Finding the right number of weights for your dive can determine whether you have a great dive or a disaster of a dive. If you realize you have the wrong number of weights after jumping into the ocean it can be annoying or even dangerous. You will need to consider a number of factors to know if you are properly weighted for diving and learn how to make a weight belt for diving. Luckily as a beginner, instructors will often carry a couple of extra weights for you as they help you figure out your imaginary scuba weight calculator for that perfect diving buoyancy!
In this article, we will explain everything you need to help you determine the correct number of weights for your dive. This post aims to help you plan your weights before jumping in for a dive and be able to confidently say I know I am properly weighted for scuba diving if I..!
I know I Am Properly Weighted for Scuba Diving if I Do a Buoyancy Check!
Of course, there is one definitive way to determine if you have the right amount of weight – a buoyancy check on the surface. However, this should be done with a steel tank or an aluminum tank that is nearly empty.
There are 6 simple steps to a buoyancy check on the surface:
1. Get fully kitted up and wear your best guess at the weights required. Base this either on a weight calculator, or from previous experience, or the recommendation from your guide.
2. Enter the water and inflate your BCD on the surface.
3. Take and hold a normal breath of air – THE ONE TIME YOU WILL EVER HOLD YOUR BREATH.
4. Empty your BCD completely and allow yourself to sink.
5. If the water level sits at eye level while holding that normal breath of air in your lungs, then descend when you exhale. This means you are correctly weighted!
6. If you are sinking while holding that normal breath in your lungs, then you are overweighted and are using too many weights. Try taking off some weights.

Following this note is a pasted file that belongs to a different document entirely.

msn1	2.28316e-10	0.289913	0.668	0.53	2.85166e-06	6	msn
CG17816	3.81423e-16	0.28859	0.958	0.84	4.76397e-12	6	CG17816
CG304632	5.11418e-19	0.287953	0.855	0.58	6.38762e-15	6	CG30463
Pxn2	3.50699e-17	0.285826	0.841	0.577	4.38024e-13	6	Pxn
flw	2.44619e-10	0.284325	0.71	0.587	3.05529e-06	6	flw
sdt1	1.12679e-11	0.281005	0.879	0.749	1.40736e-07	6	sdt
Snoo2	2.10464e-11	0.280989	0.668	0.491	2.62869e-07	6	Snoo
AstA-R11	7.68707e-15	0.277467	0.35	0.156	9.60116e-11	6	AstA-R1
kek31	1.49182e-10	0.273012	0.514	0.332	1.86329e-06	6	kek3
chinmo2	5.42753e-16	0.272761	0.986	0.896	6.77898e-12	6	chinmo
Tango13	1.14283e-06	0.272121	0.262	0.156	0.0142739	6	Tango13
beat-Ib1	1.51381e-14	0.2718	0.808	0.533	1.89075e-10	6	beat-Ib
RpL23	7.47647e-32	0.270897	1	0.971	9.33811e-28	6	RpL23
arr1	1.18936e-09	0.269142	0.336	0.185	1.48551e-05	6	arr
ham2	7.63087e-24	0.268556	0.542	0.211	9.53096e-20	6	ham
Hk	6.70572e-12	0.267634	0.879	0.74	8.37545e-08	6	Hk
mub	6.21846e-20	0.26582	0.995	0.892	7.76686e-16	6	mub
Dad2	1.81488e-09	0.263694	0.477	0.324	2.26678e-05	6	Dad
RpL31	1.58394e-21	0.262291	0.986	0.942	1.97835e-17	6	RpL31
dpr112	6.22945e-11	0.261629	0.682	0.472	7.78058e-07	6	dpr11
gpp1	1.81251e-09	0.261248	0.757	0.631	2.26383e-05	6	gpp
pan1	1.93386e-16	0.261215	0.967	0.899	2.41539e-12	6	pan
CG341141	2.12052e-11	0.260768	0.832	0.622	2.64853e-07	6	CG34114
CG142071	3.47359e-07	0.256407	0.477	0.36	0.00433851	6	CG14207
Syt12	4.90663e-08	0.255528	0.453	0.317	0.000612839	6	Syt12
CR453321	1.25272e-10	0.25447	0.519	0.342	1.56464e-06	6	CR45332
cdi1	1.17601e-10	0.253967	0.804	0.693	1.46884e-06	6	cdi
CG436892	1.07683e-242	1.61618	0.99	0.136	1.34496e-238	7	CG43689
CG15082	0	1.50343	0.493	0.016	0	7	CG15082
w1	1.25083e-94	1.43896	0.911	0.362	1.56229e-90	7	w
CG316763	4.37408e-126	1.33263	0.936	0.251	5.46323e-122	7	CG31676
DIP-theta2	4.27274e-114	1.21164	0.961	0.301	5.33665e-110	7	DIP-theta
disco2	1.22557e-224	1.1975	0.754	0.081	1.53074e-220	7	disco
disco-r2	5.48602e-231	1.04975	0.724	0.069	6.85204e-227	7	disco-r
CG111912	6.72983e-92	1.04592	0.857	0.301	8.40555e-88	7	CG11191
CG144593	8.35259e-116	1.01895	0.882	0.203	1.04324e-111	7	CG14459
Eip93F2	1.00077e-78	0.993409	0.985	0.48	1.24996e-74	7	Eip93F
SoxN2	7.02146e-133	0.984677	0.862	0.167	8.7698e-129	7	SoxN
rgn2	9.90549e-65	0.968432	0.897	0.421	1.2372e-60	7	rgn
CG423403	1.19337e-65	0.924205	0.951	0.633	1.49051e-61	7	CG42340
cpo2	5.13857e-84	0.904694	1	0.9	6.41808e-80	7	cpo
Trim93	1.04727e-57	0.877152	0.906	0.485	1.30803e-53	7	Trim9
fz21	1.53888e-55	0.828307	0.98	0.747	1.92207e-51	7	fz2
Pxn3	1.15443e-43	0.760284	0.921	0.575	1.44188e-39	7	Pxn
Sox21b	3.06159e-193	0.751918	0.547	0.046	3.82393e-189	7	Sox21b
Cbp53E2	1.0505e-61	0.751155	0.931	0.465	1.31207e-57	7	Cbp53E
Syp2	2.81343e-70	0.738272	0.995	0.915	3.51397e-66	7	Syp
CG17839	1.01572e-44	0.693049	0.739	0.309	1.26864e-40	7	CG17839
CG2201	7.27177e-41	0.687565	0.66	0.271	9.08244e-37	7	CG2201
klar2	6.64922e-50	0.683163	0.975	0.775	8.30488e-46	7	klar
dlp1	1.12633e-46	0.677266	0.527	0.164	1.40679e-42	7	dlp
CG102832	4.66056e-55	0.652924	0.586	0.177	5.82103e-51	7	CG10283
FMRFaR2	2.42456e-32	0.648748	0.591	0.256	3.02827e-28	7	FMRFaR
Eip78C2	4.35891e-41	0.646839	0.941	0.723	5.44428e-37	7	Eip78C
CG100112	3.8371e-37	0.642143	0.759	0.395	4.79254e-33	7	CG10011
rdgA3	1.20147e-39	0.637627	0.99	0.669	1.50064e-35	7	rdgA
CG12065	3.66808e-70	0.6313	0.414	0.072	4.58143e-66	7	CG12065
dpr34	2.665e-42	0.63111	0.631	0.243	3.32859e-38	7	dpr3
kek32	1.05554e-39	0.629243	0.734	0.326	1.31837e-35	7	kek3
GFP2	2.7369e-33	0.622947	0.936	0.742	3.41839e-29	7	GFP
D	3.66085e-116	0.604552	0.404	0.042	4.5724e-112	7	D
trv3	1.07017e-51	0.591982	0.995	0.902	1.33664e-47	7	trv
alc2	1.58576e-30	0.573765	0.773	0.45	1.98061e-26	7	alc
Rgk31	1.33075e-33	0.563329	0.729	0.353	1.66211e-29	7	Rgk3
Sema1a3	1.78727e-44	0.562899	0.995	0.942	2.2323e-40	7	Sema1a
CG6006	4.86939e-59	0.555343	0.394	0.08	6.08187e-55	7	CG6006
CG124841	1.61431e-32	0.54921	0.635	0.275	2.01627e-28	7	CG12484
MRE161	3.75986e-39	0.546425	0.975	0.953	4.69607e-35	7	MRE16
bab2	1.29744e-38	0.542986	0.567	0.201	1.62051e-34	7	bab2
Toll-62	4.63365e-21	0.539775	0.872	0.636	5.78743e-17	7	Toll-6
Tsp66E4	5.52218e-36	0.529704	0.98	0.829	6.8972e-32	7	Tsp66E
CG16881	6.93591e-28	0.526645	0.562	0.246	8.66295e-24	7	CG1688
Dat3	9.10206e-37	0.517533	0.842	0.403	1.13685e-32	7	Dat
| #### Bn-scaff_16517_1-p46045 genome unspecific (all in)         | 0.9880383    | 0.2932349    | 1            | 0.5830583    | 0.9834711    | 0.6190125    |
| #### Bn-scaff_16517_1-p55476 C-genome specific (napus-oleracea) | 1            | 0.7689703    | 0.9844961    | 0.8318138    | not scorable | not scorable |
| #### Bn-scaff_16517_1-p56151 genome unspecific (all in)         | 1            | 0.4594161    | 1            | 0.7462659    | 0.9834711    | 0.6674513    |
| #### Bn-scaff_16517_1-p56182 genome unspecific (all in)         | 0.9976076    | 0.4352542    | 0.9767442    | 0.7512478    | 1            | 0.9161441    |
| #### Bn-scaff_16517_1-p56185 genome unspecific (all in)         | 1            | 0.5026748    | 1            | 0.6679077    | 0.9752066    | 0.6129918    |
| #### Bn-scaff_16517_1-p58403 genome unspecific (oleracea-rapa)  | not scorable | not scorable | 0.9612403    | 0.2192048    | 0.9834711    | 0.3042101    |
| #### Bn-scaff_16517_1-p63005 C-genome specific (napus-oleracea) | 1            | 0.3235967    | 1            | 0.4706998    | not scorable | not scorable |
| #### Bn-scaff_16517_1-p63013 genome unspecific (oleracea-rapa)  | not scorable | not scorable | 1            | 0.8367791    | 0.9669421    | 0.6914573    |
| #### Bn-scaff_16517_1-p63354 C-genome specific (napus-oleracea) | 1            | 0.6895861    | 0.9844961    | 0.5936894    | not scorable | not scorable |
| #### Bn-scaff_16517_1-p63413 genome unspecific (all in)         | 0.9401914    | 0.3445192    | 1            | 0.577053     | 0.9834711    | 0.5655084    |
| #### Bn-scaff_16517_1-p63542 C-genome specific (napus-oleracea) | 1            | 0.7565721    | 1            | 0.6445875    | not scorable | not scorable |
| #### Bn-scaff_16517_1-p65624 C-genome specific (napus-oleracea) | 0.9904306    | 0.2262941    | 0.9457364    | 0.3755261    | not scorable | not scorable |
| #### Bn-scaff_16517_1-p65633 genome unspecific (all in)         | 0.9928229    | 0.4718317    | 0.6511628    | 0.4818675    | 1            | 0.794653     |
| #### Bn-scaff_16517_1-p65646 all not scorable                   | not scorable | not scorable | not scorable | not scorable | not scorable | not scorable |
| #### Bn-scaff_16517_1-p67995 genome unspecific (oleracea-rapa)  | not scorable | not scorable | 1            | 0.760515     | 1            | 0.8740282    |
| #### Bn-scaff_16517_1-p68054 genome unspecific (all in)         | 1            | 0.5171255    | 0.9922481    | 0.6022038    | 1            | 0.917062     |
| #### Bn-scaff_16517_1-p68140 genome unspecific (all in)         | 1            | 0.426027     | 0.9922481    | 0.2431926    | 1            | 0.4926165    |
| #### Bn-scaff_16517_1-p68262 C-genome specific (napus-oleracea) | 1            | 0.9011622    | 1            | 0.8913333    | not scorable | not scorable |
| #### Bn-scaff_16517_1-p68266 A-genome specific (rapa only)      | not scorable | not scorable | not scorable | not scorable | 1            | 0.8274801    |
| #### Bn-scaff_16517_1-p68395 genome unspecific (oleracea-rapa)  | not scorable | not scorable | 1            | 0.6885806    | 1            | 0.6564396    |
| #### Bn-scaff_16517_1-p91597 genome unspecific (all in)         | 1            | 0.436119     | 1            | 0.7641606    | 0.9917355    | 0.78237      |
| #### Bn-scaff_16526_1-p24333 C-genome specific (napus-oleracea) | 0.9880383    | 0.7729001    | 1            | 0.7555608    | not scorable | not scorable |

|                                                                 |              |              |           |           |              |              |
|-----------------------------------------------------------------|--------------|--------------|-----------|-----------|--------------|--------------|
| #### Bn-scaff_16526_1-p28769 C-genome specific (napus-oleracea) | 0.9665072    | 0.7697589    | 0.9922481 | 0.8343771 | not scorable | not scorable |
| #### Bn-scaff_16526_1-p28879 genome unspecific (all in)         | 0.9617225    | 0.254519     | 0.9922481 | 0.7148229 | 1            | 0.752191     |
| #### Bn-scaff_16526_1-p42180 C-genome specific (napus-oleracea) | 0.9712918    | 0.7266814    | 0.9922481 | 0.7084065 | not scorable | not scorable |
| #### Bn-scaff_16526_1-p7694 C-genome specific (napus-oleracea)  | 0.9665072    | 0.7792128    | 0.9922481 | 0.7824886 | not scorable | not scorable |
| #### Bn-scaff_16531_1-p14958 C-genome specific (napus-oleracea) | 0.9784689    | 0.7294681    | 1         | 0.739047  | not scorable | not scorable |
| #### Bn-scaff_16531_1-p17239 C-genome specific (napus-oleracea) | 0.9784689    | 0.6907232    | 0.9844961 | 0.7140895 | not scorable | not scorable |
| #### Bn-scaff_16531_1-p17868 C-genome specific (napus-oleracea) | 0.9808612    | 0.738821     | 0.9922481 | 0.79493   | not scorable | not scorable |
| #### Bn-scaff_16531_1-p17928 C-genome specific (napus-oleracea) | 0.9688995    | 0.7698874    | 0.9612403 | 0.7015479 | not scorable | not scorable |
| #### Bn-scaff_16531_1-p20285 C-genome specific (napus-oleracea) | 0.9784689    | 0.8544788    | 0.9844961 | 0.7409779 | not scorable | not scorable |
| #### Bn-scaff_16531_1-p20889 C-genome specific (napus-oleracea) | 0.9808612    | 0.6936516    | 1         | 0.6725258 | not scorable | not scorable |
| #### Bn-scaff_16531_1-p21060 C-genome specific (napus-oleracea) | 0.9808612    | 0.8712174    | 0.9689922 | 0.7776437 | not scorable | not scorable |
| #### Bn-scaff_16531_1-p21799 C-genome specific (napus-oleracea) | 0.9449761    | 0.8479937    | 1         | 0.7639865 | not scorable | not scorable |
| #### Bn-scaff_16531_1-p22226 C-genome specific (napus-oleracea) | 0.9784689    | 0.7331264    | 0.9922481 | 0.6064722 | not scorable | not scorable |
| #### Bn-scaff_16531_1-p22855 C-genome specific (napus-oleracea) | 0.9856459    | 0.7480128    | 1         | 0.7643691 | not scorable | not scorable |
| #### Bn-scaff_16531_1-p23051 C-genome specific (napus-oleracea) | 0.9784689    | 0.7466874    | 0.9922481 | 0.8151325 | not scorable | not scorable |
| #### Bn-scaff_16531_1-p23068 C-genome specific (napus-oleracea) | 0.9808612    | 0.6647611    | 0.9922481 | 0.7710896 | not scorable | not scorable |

If you are floating on the surface and cannot sink to get to eye level with the water, then you are underweighted and do not have enough weights. Try adding a weight.
Read More: Why Do We Need Weights in Scuba Diving?
We would also recommend doing this same check post-dive, with a near-empty tank. This will give you a better indication of the correct amount of weights needed with a more buoyant tank.
How do we know how many weights we need?
The number of weights to wear depends on a large number of factors. These include:
Type of Water – salt is more buoyant than freshwater
Tank Material – Aluminium tanks will start off negatively buoyant but will become positively buoyant as you consume the air. This means you will need to account for the buoyancy change during your dive. Steel tanks, however, will remain negatively buoyant through the dive.
Weight of the Diver’s Body – larger people generally require more weight though if you have a lot of muscle mass, then this is denser and will sink easier.
Body Fat Percentage – Fat is more buoyant and floats, so people with more body fat often float on the surface easier.
Type of Clothing Being Worn – A full-body 5mm wetsuit will be a lot more positively buoyant than a string bikini. A dry-suit will be even more buoyant.
Experience – Experienced divers with developed breathing techniques can reduce the number of weights required
BCD – Different BCDs have different lifting capacities. This affects the amount of weight required.
Regulators – Even your regulator can have an effect on weighting. Heavier regulators and 1st stages will help reduce the amount of weight required.
Does a SCUBA weight calculator exist?